Using Your Lodge Cast Iron
Rinse with hot water (do not use soap), and dry thoroughly.

Before cooking, apply vegetable oil to the cooking surface of your pan and pre-heat the pan slowly (always start on low heat, increasing the temperature slowly).

Once the utensil is properly pre-heated, you are ready to cook. 

TIP: Avoid cooking very cold food in the pan, as this can promote sticking. 

PLEASE REMEMBER: Handles will become very hot in the oven, and on the stovetop. Always use an oven mitt to prevent burns when removing pans from oven or stovetop.

Cleaning your Lodge Cast Iron

After cooking, clean utensil with a stiff nylon brush and hot water. Using soap is not recommended, and harsh detergents should never be used. (Avoid putting a hot utensil into cold water. Thermal shock can occur causing the metal to warp or crack). 

TIP: If you are having trouble removing stuck-on food, boil some water in your pan for a few minutes to loosen residue, making it easier to remove.

Towel dry immediately and apply a light coating of oil to the utensil while it is still warm. 

TIP: Do not let your cast iron air dry, as this can promote rust.

Store in a cool, dry place. If you have a cover, or lid, for your utensil, place a folded paper towel in between lid and utensil allowing air to circulate. This prevents moisture from collecting inside the utensil, which can cause rust.

TIP: The oven is a great place to store your cast iron; just remember to remove it before turning on the oven.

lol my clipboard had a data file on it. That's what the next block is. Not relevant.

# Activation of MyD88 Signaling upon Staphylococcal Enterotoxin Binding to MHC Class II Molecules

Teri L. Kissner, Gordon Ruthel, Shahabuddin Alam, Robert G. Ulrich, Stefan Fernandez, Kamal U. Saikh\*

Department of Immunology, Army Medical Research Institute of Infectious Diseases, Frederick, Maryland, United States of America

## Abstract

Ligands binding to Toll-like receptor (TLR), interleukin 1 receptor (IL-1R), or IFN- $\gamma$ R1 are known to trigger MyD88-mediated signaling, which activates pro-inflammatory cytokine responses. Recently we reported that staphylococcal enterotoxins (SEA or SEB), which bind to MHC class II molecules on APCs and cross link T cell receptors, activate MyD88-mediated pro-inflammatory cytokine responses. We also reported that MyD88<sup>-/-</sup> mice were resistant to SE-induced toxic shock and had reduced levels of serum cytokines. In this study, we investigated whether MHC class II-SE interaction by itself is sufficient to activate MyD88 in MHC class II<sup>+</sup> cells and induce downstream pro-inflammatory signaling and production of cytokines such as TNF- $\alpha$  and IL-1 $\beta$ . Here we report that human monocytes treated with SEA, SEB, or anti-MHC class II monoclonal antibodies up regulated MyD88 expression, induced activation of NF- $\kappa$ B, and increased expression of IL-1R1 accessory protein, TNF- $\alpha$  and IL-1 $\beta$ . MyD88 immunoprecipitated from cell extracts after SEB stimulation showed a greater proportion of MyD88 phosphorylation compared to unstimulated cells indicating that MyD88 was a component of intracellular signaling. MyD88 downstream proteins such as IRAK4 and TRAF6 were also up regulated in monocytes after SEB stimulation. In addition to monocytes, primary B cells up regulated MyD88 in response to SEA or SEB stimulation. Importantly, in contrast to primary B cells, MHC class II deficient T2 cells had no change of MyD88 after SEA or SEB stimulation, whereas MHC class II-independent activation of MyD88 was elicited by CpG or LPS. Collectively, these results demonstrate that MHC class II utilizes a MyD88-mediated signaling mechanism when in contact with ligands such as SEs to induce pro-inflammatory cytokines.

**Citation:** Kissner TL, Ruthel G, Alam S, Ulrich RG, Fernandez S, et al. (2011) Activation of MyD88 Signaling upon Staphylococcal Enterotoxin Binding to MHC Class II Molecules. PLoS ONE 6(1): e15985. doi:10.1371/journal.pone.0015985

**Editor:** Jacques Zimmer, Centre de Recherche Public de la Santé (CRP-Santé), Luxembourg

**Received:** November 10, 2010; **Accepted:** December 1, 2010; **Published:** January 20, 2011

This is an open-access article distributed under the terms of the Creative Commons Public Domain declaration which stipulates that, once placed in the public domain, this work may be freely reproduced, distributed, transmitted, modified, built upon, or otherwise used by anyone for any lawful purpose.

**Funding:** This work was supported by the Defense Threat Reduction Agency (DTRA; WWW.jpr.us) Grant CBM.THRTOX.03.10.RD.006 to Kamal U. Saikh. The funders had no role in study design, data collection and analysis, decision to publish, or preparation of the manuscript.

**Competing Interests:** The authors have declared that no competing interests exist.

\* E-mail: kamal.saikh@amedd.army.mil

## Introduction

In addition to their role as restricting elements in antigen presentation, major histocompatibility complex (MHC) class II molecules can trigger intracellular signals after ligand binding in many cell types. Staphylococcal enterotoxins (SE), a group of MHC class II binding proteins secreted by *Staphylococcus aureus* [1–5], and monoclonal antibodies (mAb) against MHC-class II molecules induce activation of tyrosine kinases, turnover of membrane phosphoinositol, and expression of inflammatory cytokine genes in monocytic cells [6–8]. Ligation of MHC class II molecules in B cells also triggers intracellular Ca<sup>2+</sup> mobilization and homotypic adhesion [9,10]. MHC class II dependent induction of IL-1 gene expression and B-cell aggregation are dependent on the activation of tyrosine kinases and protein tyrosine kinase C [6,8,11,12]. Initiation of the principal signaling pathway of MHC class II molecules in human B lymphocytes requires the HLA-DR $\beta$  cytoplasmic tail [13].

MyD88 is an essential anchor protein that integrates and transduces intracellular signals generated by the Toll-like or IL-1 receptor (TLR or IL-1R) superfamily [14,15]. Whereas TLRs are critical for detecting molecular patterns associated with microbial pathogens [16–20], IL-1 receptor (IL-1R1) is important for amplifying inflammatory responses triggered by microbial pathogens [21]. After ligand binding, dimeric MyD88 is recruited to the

NEVER wash in dishwasher.

If for some reason your utensil develops a metallic smell or taste, or perhaps rust spots (maybe a well-meaning relative washed your utensil in the dishwasher or with soap thinking they were being helpful), never fear. Simply scour off the rust using a very fine grade of sandpaper or steel wool and refer to our section Re-seasoning Your Lodge Cookware.

IMPORTANT PRODUCT NOTE: If you have a Lodge Grid Iron or Pro Grid Iron Griddle, make sure to place it over two burners, allowing the griddle to heat evenly and avoid a stress break or warping. It is also a good to preheat the griddle in the oven before placing over burners on top of stove.

Re-Seasoning your Lodge Cast Iron

While maintaining the seasoning (as in Step 5 above) should keep your Cast Iron in good condition, at some point you may need to repeat the seasoning process. If food sticks to the surface, or you notice a dull, gray color, repeat the seasoning process:
Wash the cookware with hot, soapy water and a stiff brush. (It is okay to use soap this time because you are preparing to re-season the cookware). 

Rinse and dry completely.

Apply a thin, even coating of MELTED solid vegetable shortening (or cooking oil of your choice) to the cookware (inside and out).

Place aluminum foil on the bottom rack of the oven to catch any dripping.

Set oven temperature to 350 - 400 degrees F.